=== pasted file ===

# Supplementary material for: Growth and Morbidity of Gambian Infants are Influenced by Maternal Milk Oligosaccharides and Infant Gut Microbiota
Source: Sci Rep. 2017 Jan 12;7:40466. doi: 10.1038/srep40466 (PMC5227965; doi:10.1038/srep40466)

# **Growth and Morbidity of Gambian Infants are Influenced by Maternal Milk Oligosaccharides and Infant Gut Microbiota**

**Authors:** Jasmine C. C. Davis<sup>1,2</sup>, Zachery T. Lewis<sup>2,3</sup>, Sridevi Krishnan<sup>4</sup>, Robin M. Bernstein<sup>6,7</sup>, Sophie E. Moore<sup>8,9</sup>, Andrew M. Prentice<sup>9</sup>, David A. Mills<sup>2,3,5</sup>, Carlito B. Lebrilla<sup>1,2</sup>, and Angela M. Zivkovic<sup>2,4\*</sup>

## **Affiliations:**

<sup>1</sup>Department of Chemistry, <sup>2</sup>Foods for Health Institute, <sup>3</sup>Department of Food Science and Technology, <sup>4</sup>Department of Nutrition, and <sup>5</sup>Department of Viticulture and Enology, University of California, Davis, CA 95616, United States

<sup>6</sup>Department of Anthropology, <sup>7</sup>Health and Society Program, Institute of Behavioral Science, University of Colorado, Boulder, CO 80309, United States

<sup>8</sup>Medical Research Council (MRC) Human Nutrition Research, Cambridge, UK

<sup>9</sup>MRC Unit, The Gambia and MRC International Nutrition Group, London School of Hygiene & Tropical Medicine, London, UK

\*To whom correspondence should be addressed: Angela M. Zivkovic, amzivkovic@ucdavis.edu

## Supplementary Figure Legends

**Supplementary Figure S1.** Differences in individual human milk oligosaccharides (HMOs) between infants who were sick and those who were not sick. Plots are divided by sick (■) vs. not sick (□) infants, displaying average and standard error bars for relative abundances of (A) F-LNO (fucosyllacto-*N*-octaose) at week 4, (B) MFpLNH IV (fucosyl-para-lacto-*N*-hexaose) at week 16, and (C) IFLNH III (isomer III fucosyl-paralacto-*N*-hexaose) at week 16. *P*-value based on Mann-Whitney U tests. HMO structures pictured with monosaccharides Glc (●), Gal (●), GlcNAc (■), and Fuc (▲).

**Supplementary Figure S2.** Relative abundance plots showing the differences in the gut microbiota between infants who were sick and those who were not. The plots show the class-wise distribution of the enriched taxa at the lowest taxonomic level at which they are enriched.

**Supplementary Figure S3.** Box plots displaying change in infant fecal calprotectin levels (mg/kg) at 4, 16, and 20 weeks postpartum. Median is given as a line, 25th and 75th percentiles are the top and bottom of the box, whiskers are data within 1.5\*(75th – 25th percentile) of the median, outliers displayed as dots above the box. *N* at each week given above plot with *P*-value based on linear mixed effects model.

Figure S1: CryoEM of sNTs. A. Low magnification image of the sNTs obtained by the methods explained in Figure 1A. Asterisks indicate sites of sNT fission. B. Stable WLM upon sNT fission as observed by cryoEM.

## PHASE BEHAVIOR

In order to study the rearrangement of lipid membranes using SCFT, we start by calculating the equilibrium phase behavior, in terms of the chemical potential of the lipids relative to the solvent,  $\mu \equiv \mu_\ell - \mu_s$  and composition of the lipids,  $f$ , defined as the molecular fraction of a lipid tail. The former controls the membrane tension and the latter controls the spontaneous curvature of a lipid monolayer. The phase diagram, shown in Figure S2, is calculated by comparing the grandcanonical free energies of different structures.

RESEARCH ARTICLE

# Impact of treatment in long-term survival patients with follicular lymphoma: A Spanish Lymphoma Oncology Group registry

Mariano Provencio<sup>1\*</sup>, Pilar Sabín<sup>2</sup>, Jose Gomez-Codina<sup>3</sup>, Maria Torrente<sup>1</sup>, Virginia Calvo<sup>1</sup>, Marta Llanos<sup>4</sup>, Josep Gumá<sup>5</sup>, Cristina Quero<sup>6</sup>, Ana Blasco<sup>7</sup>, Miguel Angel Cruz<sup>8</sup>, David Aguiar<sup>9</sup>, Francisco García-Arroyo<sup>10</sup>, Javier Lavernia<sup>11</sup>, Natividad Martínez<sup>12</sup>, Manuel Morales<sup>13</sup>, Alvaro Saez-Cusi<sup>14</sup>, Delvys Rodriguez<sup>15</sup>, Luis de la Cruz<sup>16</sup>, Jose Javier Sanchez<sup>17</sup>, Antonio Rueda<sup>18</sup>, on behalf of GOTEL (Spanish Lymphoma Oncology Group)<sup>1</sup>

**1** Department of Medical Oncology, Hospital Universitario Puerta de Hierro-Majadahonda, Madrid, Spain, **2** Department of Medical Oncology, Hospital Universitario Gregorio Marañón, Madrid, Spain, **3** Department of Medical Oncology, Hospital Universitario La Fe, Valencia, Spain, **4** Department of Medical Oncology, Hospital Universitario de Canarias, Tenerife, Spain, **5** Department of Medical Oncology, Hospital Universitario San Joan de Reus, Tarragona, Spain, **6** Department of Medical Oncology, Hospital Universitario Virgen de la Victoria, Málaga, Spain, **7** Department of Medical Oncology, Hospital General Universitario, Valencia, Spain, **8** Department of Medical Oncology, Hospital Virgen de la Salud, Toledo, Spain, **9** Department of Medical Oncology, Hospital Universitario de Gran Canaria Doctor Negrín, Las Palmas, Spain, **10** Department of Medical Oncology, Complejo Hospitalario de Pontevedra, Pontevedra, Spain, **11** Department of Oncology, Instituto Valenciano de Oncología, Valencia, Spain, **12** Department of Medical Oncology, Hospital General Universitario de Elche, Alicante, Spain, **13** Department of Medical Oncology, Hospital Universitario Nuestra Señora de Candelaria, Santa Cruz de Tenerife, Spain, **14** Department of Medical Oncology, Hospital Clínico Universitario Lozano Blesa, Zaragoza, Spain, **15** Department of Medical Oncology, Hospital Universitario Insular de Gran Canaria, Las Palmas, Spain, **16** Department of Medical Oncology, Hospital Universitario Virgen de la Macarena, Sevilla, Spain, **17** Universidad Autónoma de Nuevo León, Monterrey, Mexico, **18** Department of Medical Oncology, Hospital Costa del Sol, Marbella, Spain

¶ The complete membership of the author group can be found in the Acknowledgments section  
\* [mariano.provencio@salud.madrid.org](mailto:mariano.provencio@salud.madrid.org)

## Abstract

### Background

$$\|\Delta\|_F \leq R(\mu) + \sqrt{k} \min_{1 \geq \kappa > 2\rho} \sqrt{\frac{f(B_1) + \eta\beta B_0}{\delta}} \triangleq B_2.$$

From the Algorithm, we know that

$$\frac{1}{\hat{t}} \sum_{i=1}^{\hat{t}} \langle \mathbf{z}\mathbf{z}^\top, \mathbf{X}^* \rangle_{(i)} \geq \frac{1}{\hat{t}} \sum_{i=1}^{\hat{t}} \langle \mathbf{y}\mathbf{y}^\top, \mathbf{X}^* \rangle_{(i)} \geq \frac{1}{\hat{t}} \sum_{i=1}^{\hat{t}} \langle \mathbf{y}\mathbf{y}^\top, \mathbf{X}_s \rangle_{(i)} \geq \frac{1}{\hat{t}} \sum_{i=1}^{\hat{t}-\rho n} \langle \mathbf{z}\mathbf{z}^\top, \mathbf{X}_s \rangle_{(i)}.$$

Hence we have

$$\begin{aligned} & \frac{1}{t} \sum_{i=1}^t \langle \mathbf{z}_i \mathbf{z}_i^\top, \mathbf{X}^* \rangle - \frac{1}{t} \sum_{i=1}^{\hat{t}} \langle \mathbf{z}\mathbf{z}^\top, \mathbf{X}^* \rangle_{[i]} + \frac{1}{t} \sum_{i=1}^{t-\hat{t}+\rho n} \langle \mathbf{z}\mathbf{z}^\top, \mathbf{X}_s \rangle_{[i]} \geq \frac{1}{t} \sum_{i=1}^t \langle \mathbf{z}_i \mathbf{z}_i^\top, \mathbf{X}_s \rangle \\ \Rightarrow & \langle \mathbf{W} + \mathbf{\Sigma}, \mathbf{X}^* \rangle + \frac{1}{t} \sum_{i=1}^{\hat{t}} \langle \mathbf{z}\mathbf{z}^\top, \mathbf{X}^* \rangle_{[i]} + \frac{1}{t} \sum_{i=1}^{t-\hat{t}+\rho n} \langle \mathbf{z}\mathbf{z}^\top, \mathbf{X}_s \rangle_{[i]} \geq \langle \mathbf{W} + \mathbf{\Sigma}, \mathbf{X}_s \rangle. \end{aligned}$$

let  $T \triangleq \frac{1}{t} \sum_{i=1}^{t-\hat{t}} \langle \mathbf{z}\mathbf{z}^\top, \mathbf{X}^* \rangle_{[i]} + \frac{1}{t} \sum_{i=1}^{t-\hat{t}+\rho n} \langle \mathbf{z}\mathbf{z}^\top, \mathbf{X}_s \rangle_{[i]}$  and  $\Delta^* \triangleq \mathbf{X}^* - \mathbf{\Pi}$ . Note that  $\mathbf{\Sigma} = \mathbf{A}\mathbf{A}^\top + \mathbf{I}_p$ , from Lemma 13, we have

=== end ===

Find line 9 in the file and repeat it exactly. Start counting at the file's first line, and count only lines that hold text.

<sup>9</sup>MRC Unit, The Gambia and MRC International Nutrition Group, London School of Hygiene & Tropical Medicine, London, UK